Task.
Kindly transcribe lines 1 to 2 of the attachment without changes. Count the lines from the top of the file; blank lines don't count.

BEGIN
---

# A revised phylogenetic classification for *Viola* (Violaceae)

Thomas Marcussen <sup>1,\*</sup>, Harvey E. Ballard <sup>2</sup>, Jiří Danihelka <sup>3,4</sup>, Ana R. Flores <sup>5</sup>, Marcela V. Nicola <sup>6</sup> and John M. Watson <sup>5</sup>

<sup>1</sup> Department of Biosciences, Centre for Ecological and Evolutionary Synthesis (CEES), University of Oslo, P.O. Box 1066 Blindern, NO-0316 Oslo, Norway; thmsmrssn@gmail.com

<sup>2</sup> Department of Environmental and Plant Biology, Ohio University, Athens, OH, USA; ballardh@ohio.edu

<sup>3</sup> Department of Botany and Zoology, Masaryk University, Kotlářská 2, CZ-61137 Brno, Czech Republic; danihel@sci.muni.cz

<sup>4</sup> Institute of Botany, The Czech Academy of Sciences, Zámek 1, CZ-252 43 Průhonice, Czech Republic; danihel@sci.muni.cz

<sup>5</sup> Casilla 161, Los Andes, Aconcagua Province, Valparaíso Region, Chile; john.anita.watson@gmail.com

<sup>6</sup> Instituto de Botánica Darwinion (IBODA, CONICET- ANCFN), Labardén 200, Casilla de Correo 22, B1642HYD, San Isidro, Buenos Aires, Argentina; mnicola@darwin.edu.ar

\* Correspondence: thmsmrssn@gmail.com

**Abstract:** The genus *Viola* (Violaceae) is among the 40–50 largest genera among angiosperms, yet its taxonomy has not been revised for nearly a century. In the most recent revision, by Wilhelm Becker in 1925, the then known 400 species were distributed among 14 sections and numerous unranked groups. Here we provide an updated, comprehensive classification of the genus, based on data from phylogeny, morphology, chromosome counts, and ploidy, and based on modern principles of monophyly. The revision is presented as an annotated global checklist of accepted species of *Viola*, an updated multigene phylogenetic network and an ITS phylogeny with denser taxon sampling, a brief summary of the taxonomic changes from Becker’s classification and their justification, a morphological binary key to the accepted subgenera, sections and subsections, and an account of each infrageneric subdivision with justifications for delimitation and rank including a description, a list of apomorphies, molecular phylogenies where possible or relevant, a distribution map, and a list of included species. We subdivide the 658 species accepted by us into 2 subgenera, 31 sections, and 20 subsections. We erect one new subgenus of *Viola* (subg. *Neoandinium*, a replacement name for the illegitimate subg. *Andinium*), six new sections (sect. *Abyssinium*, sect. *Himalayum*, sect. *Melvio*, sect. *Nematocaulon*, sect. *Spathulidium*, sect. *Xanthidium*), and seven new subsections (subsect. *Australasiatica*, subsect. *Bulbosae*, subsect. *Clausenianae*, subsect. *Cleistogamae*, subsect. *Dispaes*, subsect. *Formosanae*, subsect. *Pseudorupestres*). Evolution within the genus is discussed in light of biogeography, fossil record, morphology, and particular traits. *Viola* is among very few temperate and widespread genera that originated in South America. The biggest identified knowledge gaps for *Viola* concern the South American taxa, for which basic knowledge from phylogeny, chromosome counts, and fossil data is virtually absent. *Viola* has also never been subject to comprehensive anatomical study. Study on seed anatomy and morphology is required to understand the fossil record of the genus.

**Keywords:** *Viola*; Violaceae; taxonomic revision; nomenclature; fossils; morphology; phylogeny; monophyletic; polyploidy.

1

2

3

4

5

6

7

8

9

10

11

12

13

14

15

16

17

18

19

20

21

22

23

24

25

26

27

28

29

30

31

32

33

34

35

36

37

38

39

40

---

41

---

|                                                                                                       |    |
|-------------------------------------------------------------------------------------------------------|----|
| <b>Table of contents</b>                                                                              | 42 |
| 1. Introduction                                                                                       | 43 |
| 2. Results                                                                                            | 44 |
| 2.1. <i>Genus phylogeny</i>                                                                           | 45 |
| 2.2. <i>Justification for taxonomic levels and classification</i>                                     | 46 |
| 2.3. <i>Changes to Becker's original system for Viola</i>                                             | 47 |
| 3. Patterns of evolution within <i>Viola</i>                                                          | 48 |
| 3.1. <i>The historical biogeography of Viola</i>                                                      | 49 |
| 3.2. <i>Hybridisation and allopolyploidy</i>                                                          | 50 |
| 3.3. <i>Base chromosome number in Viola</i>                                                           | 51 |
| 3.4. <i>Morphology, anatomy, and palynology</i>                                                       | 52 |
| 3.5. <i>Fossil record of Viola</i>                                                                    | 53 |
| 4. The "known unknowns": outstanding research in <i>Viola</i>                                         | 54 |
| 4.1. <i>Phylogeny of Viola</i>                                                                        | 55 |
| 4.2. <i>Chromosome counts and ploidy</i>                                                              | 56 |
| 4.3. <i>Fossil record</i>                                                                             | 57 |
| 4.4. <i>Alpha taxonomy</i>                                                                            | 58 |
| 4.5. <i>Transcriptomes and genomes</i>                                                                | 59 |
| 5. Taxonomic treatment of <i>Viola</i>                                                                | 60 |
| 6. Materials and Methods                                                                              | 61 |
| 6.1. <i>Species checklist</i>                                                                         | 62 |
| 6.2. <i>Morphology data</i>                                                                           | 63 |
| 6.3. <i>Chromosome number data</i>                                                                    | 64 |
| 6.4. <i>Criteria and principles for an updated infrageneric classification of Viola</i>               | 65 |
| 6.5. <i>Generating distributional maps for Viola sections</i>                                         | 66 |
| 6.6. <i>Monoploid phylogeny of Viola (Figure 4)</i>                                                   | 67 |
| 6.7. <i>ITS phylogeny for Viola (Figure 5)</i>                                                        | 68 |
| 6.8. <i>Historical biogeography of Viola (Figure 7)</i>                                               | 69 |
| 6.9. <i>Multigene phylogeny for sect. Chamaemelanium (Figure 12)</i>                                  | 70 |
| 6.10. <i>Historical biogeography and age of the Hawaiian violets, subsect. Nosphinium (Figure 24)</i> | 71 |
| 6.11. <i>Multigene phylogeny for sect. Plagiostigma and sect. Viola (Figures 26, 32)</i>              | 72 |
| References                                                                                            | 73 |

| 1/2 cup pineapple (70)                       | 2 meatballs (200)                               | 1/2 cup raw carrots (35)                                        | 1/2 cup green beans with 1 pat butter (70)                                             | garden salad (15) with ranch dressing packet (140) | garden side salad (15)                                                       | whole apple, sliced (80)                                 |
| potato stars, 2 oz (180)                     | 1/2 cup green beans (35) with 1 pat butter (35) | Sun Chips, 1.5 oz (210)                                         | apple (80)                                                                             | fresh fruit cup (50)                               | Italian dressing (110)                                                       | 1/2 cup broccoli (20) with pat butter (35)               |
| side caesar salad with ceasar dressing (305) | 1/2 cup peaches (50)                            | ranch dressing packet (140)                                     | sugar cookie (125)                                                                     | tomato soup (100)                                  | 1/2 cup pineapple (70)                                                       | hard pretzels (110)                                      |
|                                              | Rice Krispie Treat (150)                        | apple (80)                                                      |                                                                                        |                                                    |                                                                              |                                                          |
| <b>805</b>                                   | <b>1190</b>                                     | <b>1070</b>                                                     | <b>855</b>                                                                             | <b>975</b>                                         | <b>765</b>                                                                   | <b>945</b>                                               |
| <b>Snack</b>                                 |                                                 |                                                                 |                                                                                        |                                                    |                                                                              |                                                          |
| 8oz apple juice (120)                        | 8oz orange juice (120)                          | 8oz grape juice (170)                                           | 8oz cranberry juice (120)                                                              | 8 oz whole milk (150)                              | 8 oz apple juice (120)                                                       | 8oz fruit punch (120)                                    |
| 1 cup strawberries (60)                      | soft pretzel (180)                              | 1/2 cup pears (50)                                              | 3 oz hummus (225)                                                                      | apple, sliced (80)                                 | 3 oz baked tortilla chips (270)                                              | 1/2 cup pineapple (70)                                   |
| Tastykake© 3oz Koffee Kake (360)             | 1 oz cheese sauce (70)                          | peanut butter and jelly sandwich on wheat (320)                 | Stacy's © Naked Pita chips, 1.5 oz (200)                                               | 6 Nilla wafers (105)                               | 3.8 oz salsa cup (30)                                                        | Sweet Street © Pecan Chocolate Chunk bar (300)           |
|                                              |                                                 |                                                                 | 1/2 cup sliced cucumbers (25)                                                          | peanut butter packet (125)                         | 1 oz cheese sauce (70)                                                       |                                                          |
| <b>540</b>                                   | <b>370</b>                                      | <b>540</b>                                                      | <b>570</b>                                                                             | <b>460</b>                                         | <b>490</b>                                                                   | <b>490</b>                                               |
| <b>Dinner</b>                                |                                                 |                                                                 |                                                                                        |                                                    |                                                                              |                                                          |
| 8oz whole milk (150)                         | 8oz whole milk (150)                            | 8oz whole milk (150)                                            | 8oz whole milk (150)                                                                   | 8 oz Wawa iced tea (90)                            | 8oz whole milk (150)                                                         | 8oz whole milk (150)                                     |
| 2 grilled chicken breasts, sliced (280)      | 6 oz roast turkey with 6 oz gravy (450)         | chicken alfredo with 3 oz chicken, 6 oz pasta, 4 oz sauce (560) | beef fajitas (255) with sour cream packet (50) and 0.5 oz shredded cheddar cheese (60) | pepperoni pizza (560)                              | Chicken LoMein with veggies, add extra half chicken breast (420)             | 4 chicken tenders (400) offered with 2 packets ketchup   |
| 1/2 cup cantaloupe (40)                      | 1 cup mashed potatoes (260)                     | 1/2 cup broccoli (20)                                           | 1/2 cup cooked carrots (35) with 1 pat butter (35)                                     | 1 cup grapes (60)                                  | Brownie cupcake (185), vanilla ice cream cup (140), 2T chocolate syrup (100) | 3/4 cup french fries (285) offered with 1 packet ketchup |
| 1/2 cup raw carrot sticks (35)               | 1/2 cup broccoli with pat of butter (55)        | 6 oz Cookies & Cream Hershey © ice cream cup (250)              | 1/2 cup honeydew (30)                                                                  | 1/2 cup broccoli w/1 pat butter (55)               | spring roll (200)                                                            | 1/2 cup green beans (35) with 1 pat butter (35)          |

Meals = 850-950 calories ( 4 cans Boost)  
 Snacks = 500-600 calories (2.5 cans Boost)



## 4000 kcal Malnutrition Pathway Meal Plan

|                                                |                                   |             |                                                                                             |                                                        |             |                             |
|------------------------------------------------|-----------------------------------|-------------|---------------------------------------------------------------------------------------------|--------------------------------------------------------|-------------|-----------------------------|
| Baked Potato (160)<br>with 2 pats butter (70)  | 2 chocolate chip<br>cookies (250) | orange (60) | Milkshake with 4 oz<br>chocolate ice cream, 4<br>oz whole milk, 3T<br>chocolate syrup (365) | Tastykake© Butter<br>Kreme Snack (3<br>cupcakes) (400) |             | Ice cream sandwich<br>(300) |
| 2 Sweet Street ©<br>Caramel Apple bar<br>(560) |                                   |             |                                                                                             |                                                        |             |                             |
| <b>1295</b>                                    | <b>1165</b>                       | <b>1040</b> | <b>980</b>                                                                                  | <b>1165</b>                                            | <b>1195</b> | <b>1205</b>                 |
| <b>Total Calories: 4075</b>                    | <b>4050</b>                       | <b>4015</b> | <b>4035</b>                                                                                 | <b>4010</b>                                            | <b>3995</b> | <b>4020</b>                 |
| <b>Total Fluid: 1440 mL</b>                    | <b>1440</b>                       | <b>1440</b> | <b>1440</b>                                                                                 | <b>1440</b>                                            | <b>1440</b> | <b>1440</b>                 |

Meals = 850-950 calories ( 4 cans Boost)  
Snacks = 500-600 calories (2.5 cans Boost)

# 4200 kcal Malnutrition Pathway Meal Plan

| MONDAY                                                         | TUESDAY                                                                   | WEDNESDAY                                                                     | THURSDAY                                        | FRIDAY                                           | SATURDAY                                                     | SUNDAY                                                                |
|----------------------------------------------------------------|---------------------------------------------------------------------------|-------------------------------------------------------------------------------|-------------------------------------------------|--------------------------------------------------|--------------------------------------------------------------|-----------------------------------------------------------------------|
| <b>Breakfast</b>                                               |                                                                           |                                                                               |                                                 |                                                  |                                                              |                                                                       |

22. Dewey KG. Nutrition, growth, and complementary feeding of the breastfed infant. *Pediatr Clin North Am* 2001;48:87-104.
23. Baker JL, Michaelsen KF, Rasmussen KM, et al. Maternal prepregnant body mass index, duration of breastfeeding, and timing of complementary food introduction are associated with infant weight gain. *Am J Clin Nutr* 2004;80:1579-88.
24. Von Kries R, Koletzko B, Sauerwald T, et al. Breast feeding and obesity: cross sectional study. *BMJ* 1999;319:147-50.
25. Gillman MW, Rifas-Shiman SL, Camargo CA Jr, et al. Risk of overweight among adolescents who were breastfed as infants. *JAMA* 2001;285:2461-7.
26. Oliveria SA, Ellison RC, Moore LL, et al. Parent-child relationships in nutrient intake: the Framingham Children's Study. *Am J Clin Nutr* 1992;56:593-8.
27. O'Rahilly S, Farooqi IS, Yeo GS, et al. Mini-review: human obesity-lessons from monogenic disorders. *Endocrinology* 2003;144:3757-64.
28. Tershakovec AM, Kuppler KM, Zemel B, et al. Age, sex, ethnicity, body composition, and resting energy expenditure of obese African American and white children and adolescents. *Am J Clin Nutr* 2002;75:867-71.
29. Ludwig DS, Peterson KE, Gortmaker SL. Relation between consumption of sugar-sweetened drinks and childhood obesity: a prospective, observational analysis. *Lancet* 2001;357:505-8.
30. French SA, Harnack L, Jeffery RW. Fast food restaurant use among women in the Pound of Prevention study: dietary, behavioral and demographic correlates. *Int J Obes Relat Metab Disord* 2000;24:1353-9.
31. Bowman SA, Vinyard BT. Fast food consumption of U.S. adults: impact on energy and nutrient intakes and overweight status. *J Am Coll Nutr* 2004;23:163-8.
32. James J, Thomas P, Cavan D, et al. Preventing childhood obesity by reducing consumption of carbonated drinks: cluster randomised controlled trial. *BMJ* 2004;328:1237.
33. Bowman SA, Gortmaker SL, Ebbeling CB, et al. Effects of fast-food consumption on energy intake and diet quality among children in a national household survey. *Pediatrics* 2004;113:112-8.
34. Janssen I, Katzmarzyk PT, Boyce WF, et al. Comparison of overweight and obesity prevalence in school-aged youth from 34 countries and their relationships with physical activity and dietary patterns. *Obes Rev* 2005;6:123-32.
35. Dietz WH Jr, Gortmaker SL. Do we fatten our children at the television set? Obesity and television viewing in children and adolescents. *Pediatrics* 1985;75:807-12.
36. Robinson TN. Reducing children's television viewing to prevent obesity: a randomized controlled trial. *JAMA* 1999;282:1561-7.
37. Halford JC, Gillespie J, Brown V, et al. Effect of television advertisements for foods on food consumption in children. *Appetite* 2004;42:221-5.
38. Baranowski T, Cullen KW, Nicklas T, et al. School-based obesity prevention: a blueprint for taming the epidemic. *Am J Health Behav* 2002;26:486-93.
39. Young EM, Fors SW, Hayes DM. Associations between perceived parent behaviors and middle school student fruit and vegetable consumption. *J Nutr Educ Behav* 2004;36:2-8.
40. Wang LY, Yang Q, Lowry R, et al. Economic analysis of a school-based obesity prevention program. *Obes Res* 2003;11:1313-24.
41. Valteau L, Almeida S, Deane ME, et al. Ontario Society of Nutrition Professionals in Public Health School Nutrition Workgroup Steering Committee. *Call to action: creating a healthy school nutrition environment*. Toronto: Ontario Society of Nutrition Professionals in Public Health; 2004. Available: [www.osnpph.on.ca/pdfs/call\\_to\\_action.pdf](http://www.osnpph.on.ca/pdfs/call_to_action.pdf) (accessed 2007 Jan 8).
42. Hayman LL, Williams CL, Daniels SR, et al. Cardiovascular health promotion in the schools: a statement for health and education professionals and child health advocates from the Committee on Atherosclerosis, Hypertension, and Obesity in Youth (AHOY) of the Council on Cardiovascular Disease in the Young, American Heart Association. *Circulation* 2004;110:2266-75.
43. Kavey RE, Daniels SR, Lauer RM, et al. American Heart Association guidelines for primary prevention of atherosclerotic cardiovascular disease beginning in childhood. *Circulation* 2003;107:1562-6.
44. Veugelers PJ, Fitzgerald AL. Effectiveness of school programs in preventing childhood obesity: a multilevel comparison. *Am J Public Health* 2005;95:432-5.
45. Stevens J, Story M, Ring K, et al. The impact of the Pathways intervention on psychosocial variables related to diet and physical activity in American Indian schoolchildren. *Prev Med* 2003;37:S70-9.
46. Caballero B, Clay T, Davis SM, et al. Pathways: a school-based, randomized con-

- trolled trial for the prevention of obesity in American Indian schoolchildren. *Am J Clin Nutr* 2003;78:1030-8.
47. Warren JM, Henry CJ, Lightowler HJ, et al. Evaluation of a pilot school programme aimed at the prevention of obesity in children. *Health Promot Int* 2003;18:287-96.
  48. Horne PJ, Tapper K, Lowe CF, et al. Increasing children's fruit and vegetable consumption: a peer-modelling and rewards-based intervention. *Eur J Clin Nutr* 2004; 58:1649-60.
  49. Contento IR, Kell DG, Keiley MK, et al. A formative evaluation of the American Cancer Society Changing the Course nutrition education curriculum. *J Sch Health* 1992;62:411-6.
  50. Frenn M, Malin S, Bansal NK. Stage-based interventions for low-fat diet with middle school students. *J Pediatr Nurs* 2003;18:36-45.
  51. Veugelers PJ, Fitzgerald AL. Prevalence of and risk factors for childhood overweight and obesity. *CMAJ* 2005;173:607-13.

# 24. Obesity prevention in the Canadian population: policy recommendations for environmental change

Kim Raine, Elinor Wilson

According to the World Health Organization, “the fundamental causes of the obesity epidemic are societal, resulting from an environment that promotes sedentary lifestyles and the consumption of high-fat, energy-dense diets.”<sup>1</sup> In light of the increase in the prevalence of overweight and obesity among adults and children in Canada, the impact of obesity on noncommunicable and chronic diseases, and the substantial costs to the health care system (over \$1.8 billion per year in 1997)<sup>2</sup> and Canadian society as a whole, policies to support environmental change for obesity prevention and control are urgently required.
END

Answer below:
---

# A revised phylogenetic classification for *Viola* (Violaceae)